When in doubt - don't brick your hardware

Being an Xfinity Home customer I've had two interesting experiences with their hardware. The user experience have been weird at best.

First it apparently failed to download and install a firmware update in the middle of the night. Likely because the system was armed and a reboot during an armed state would be potentially an undesirable thing in case something happened during reboot. So the next time I tried to arm the system it immediately started the alarm. I called support and it took a reboot to force it to install the firmware update. Would it be too much to ask if the system knew it needed a reboot and prompt the user (me) instead of triggering the alarm when I try to arm it? Even better if it just rebooted when I disarmed the system when  the update was pending.

Second time there had been a power outage in my neighborhood for a few hours so the alarm system was on backup power for a while. During the outage there was a notification that the system had lost connection to the monitoring center. Once power was back the system apparently never regained contact with the monitoring center. The system still behaved as if it worked normally except notification emails were not sent. Took two weeks before the security company contacted me informing me that the alarm was not working properly. How to fix it? A reboot... A reboot that bricked the hardware and they had to send a technician out to replace parts of the system.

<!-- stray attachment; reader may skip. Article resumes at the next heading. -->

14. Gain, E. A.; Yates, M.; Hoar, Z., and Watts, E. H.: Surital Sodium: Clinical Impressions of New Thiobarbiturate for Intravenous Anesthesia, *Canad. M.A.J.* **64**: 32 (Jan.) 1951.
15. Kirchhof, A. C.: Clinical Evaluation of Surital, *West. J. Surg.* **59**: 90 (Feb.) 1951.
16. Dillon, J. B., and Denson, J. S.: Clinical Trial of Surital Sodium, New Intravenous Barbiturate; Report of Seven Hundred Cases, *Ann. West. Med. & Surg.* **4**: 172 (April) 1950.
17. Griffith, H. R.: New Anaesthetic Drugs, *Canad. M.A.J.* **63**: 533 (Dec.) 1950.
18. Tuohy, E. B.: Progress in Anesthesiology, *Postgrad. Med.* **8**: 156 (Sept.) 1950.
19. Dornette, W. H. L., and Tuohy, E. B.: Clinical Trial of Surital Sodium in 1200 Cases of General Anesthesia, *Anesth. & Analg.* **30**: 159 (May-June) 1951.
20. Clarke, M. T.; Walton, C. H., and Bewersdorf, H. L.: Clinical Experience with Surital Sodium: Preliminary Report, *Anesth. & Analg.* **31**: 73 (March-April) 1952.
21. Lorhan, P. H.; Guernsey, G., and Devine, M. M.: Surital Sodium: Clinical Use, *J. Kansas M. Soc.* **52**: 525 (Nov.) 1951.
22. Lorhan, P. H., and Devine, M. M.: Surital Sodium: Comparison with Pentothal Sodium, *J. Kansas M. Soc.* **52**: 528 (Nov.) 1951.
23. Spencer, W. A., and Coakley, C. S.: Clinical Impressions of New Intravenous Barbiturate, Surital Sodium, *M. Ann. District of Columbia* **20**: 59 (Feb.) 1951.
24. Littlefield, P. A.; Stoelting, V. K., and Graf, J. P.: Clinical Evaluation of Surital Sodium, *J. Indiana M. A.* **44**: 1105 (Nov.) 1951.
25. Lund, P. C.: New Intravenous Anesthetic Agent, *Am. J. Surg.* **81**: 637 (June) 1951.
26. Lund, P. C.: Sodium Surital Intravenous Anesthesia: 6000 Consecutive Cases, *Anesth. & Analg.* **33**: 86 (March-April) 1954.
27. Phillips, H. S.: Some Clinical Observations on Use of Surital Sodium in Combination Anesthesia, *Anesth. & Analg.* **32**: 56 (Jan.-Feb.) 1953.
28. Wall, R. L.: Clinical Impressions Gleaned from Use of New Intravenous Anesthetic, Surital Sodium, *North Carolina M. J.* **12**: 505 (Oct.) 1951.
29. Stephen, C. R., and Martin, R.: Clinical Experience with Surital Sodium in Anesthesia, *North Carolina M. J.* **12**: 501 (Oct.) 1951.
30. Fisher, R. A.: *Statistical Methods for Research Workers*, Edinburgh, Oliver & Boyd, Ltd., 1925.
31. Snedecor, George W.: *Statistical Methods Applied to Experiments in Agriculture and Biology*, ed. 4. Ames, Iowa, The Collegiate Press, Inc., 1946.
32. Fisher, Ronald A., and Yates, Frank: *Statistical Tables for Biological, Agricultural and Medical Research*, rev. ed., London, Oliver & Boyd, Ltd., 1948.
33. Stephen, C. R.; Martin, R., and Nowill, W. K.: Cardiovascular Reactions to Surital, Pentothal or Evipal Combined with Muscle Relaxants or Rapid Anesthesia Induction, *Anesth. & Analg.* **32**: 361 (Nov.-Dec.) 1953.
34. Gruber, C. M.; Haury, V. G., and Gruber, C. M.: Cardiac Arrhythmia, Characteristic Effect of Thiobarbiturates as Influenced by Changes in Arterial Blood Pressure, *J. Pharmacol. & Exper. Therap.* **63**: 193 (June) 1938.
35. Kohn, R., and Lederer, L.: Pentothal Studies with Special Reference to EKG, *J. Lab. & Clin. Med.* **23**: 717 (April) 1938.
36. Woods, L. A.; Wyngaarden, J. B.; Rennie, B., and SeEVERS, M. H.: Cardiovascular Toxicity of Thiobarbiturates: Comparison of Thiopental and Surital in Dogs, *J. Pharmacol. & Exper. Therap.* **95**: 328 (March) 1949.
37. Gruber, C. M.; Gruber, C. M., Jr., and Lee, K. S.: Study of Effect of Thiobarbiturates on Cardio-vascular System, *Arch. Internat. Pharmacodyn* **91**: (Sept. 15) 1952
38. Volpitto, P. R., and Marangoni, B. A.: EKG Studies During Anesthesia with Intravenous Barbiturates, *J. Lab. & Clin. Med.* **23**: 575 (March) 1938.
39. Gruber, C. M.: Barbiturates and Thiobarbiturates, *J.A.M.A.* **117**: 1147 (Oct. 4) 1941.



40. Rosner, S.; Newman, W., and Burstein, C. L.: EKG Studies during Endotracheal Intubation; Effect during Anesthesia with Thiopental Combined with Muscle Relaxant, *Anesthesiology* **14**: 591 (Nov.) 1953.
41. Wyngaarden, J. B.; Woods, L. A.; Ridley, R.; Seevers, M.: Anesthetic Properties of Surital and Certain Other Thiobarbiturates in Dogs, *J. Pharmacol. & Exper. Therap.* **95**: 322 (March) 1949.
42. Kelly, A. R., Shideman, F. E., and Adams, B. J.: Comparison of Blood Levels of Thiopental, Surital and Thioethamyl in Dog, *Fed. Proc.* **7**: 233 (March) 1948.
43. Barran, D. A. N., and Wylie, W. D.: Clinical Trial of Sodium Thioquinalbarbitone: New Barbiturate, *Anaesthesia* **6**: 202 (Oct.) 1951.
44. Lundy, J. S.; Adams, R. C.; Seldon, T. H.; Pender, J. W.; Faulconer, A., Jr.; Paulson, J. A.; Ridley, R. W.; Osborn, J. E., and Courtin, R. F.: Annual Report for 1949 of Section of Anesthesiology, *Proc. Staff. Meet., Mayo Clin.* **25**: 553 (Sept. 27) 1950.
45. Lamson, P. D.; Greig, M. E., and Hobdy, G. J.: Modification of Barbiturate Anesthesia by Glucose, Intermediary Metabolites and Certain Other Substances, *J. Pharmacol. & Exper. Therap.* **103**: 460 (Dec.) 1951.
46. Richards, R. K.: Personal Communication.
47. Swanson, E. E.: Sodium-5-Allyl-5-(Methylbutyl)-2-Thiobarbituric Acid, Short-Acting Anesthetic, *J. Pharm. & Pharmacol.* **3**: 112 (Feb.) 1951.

It seems to me like a product like an alarm system should be developed using the basic principal of reverting to a simple fail safe state when anything unknown happens and try to recover from there. Kind of like the crash of a Swedish fighter jet in 1993 in downtown Stockholm. In footage you can see the airplane automatically go into a safe state when it stalls; putting its frond wings in a position to provide maximum lift. It is obvious not everybody thinks the way I think...

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